Not the road I was on today.
A fine example of golden hour, though!
Credit: Stefan Regeneuar
I started out feeling fine, as usual, and as usual, as I traveled I began to see all of the, er, "idiosyncrasies" of the other people on the road. The familiar sarcastic inner dialogue started:
"Oh sure, you can turn right in front of me without signaling. Go right ahead."
I started to do that thing where I imagine how the argument would go if they tried to yell at me for some perceived slight. Nevermind that they probably bore me no ill will at all. I was ready in case they did.
And then something not so usual happened: Maybe it was the beautiful day, or the golden-hour light illuminating my travel. Perhaps it was just that everyone on the road today was exceptionally nice, or maybe it was this episode of Talk of the Nation that I recently heard on NPR.
As I rolled along, internal diatribes ramping up toward full, I remembered a caller on that show. If you haven't listened to it, or read the synopsis in the link, this particular episode of talk of Nation had a long segment about the interactions between bicyclists and other users of the roads. One of the first callers, who claimed to be an avid cyclist, also turned out to be first rate loser. Amidst his bragging about his comebacks to drivers who yell at him (Driver: "Where's your helmet?!" Caller: "Where's your helmet!") and his other cycling "accomplishments," the caller told a lovely story of the time he chased down and yell at driver who cut him off. When the elderly woman had the nerve to say that she didn't see him, he grabbed her keys and threw them down the sewer grate.
I'll repeat that in case it was too ridiculous to sink in the first time: He grabbed an elderly woman's keys, right out of her ignition, and threw them down the sewer grate. Or at least he imagined it so vividly that he felt the need to tell that story on the radio.
Either way, I realized today that--sometimes--I am that guy. I've never grabbed anyone's keys or otherwise physically accosted any drivers, but I have absolutely chased them down in order to speak my piece about their apparent nonchalance with my life.
And then I thought about Denmark. Not about their amazing cycling culture and the way that they successfully integrate biking and driving. No, I thought about Ejby, and about Makkinga. These are a few of the places in Denmark where a truly outside-the-lines experiment in traffic control is taking place: They are removing it. Whole cities are going "safely chaotic"
The idea is that, when you remove the "certainty" of who belongs where, who goes when, and who has the "right of way," people actually pay more attention to the road and the other travelers. The more I thought about it, the more I came the to the conclusion that they might be on to something. It's not just about road signs and traffic lights, either. Even the painted lines on the street come into question. But what about my beloved bike lanes? Their magical while lines and painted stick figure cyclists grant me immunity from other vehicles on the road, don't they?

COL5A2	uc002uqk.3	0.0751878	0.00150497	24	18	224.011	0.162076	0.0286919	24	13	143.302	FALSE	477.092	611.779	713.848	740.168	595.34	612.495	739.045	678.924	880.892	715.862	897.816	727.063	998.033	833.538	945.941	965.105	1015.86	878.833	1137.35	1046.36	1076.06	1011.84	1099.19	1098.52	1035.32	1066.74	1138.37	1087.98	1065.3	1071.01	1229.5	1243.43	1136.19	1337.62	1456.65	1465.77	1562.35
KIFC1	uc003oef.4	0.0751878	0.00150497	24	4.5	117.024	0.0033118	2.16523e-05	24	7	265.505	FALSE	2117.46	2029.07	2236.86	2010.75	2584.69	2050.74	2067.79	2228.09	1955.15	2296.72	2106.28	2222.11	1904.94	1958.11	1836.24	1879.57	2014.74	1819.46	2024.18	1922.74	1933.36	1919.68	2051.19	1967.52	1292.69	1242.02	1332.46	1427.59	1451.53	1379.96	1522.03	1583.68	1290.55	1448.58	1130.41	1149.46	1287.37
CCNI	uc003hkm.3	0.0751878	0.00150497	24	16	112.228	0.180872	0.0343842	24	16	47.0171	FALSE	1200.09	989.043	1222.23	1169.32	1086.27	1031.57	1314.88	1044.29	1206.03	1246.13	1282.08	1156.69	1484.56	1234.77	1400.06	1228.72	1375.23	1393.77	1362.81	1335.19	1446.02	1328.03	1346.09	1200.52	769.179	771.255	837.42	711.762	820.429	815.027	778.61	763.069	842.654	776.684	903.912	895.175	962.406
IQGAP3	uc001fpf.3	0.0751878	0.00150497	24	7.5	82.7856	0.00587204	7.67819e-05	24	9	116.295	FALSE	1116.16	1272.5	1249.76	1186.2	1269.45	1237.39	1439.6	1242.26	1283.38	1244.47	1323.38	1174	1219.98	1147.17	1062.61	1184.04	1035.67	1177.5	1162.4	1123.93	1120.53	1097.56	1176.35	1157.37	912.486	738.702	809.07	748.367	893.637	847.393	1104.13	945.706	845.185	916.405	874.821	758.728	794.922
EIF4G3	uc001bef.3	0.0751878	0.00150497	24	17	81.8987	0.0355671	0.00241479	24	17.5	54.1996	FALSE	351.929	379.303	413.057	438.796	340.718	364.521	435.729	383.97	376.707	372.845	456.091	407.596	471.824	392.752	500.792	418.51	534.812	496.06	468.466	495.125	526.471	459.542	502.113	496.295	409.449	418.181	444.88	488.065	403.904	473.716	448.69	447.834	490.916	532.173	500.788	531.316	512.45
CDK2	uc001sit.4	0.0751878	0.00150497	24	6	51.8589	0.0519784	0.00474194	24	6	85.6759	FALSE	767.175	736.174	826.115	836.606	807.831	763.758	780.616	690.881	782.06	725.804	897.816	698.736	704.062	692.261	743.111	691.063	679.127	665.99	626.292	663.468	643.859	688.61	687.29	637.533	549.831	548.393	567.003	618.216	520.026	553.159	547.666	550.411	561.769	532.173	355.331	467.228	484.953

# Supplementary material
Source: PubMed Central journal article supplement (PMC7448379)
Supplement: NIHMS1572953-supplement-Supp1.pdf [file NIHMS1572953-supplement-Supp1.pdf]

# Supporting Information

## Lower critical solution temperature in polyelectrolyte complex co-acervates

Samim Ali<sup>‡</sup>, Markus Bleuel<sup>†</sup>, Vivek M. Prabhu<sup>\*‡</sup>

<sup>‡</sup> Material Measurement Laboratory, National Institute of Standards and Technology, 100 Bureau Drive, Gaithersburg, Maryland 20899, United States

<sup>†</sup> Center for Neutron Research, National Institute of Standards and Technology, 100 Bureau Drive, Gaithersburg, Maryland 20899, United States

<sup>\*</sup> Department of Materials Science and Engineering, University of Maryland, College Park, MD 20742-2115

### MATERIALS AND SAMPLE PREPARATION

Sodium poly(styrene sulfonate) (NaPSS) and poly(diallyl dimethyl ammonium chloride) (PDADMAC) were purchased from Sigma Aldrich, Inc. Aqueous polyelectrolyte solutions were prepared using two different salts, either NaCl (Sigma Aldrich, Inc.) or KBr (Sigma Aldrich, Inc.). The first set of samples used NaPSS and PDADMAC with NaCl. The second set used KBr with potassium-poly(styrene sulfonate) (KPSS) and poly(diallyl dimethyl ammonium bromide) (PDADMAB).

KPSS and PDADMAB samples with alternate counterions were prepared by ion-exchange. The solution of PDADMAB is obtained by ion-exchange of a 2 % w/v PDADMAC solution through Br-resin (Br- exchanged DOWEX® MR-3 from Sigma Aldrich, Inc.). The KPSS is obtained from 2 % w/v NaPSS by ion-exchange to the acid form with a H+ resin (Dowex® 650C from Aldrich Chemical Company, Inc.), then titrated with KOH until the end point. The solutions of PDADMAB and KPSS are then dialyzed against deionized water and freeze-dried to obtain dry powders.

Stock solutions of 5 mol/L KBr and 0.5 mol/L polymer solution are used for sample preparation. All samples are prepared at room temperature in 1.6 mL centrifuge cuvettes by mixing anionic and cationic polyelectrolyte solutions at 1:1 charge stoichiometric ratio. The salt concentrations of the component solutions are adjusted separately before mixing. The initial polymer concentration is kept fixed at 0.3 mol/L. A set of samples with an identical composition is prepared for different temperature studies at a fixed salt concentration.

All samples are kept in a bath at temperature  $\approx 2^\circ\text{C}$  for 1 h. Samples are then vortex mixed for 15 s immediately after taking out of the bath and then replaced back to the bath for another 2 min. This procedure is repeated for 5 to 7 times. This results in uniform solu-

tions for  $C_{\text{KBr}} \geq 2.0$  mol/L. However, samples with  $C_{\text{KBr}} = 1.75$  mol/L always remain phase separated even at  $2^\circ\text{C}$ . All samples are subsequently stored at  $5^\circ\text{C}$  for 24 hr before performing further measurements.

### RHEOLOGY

In fact, they don't. Not always, anyway. Studies are showing that on roads with painted bike lines, drivers tend to drive far closer to the cyclists, often dangerously close. We're talking inches, here.
It seems clear. The safety net provided by the lines and rules of the road is an illusion. No one is exempt. Drivers don't slow down for pedestrians who aren't at marked crosswalks. Pedestrians expect traffic to stop instantly if they are at marked sidewalks. If the system relies on everyone being exactly where they're supposed to be, and doing exactly what they're supposed to do... Well, we're all human. How likely is is that we will all do everything so well, so consistently. I'll be the first to admit that I've made my fair share of honest mistakes on the road, as a driver, a cyclist, and a pedestrian. So what are we to do?
That brings me back to Denmark and to the above episode of Talk of the Nation. In perhaps the most important bit of the segment, one of the guests remarks about how, in Denmark, people on bikes are just that: people on bikes. Not cyclists, bikers, or any other category label. They are people, who at the moment happen to be on bikes.
So it is with everyone else on the road, really. There are people in cars, and people who walk, and people in wheelchairs, and people jogging, and people on razor skooters... and we're all people, traveling in different directions, together.
Maybe, if we can all remember that, we can move forward without crashing into each other.
I'm picturing travel whereby all involved focus not of the "right of way" but rather, the "right way." I'm imagining a city where drivers actually pay enough attention to each other that they don't need lines and signs to tell them when to slow down or when to give someone else a little more space. And I'm practicing it, starting today, by actively remembering that all of us on the road are people, and we have to look out for each other.